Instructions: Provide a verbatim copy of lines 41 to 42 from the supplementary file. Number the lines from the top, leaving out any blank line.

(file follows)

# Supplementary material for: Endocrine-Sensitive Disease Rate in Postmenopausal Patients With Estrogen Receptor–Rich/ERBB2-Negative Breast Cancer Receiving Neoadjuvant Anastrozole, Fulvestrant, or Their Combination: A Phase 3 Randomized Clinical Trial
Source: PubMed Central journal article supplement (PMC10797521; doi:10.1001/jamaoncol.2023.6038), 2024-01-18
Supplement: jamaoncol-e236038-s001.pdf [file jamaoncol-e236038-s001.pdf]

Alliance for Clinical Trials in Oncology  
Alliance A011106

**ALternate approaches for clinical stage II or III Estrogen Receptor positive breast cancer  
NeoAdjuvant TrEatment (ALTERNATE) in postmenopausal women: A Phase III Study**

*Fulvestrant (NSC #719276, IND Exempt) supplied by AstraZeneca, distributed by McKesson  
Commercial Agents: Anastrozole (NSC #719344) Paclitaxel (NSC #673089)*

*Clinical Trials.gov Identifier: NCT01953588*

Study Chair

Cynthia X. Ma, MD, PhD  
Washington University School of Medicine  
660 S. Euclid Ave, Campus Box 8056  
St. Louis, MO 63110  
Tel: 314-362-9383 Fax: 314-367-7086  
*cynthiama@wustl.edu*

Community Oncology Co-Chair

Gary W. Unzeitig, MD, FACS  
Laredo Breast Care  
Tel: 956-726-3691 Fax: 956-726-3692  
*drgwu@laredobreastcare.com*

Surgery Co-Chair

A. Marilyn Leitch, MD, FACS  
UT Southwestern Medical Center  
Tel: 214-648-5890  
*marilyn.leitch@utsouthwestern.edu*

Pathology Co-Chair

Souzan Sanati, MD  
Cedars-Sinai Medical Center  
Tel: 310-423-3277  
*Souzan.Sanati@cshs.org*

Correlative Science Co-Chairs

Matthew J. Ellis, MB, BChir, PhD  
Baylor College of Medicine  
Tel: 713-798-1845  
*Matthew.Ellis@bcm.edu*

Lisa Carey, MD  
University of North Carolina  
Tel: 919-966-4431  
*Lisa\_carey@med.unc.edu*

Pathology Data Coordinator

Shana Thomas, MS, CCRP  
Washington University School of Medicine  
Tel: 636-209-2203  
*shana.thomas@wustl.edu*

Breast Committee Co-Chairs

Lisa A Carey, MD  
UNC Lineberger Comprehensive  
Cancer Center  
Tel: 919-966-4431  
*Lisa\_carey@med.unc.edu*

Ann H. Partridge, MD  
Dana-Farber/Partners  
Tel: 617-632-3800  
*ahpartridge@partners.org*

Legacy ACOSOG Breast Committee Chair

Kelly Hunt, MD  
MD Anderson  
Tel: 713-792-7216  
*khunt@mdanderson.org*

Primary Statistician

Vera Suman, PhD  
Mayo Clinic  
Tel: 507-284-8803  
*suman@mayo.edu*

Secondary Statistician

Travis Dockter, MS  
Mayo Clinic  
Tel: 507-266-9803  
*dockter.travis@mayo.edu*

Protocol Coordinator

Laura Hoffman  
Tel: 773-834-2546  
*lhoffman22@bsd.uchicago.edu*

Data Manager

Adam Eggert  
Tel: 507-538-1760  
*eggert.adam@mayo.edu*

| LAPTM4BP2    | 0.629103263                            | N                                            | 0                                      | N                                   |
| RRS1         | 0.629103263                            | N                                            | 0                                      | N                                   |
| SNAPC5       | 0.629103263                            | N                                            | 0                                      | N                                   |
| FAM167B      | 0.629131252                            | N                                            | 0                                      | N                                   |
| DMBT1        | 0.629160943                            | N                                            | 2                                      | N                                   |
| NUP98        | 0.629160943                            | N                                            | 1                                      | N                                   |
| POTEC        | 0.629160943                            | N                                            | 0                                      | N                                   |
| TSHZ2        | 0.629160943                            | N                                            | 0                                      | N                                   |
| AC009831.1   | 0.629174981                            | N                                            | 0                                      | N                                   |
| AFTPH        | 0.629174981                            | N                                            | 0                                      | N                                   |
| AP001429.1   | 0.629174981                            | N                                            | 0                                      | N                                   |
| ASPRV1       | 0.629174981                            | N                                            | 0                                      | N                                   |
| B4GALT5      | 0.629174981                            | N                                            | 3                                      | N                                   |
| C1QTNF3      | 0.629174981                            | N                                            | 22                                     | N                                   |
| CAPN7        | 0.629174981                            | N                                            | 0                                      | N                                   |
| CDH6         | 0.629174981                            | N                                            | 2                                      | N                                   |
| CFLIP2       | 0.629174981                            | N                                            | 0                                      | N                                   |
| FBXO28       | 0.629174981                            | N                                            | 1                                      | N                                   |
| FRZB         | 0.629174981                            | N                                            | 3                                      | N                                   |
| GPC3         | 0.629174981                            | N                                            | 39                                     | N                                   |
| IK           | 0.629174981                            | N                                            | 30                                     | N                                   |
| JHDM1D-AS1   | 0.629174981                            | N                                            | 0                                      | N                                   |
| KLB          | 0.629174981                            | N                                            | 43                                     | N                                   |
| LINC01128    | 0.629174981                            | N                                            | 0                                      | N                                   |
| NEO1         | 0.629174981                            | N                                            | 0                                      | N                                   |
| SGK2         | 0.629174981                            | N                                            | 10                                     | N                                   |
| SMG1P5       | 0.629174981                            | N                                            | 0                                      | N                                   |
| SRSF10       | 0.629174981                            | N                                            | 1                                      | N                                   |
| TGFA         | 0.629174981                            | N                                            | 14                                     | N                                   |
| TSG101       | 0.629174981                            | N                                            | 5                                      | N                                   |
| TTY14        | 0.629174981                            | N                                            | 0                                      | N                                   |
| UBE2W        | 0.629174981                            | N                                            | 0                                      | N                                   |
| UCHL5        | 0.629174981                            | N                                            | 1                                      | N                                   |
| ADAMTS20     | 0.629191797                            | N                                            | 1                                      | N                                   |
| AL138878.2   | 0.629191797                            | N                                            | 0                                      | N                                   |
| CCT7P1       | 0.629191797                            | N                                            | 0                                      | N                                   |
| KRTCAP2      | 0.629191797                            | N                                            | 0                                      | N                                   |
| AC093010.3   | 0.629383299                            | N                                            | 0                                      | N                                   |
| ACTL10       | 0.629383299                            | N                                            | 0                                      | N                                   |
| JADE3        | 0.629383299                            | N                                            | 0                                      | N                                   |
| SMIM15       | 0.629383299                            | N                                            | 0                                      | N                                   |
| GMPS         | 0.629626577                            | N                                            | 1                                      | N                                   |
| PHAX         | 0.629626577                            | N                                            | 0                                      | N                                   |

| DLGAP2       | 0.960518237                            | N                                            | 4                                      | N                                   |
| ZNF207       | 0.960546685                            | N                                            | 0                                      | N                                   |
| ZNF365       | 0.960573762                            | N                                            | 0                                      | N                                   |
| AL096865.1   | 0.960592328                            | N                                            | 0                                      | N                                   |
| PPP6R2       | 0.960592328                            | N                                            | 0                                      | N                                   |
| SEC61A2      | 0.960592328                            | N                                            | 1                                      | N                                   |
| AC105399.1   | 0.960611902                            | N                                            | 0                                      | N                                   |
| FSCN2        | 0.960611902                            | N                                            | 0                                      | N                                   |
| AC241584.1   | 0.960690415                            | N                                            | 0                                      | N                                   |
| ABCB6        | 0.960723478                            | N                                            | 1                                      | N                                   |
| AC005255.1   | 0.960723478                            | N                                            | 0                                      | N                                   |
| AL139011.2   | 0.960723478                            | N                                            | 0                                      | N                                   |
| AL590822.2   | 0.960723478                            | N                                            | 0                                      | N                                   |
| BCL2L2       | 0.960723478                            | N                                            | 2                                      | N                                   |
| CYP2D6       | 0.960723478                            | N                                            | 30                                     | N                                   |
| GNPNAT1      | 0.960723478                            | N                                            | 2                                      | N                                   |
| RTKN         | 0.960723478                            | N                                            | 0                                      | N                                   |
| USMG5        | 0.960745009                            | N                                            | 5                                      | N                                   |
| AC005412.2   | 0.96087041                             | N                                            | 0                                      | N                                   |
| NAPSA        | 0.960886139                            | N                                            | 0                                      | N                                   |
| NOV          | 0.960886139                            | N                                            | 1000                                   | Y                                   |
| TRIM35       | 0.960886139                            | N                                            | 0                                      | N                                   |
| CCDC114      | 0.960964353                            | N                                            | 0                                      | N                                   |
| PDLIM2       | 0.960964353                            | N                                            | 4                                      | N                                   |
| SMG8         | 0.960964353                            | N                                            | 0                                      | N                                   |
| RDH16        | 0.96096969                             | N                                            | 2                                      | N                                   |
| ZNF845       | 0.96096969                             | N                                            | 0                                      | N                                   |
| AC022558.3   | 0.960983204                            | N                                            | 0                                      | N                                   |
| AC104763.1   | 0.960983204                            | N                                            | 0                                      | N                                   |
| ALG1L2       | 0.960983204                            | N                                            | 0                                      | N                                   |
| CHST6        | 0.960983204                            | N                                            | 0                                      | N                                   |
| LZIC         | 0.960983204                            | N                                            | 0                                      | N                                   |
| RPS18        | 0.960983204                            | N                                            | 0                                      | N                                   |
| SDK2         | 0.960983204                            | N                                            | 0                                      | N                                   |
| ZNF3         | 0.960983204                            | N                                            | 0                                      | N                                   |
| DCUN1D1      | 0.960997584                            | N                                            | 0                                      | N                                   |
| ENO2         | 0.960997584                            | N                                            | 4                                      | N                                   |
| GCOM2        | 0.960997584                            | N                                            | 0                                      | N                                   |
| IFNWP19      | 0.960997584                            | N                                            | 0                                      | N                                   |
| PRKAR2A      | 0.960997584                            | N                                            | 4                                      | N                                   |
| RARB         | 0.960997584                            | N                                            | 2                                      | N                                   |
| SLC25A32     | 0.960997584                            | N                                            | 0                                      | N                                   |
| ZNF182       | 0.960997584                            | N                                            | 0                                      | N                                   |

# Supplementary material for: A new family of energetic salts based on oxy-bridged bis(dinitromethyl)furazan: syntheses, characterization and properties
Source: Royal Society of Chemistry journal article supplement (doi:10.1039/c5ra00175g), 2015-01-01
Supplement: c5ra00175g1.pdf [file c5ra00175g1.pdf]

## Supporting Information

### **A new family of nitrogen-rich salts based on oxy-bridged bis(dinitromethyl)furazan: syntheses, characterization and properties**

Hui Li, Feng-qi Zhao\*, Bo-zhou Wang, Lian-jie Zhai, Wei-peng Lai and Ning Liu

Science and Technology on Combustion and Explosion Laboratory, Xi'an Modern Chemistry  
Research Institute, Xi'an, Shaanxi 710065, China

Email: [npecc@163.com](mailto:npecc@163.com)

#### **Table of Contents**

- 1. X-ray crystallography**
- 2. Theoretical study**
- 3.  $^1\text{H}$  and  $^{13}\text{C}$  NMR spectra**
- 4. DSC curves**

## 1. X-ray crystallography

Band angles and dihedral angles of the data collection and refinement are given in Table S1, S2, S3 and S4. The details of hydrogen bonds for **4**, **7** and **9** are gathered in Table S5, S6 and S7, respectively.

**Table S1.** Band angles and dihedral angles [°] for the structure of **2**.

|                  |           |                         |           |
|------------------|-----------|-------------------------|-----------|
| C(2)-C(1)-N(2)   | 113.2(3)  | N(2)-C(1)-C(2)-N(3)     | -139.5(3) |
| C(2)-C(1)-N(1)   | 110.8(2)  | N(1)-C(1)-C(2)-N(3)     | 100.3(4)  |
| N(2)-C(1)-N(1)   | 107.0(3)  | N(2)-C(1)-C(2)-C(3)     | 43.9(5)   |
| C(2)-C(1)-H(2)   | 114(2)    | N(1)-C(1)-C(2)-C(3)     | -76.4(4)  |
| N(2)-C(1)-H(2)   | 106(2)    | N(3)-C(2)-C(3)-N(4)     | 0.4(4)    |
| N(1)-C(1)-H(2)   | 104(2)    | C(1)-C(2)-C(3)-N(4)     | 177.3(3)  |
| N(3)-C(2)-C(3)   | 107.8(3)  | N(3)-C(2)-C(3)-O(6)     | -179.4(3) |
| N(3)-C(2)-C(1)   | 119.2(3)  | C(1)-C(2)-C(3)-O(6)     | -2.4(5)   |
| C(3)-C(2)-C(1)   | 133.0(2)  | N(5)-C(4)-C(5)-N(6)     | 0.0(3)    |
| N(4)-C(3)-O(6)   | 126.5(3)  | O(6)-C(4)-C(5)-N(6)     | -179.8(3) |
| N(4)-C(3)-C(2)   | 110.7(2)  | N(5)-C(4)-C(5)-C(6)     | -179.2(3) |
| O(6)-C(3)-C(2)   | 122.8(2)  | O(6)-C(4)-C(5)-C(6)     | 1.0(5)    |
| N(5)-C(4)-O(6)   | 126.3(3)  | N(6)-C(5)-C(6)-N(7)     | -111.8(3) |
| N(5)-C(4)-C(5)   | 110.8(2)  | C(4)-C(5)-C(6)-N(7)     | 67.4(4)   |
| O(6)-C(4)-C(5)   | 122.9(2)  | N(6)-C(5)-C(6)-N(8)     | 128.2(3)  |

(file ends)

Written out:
*Lisa\_carey@med.unc.edu*

Pathology Data Coordinator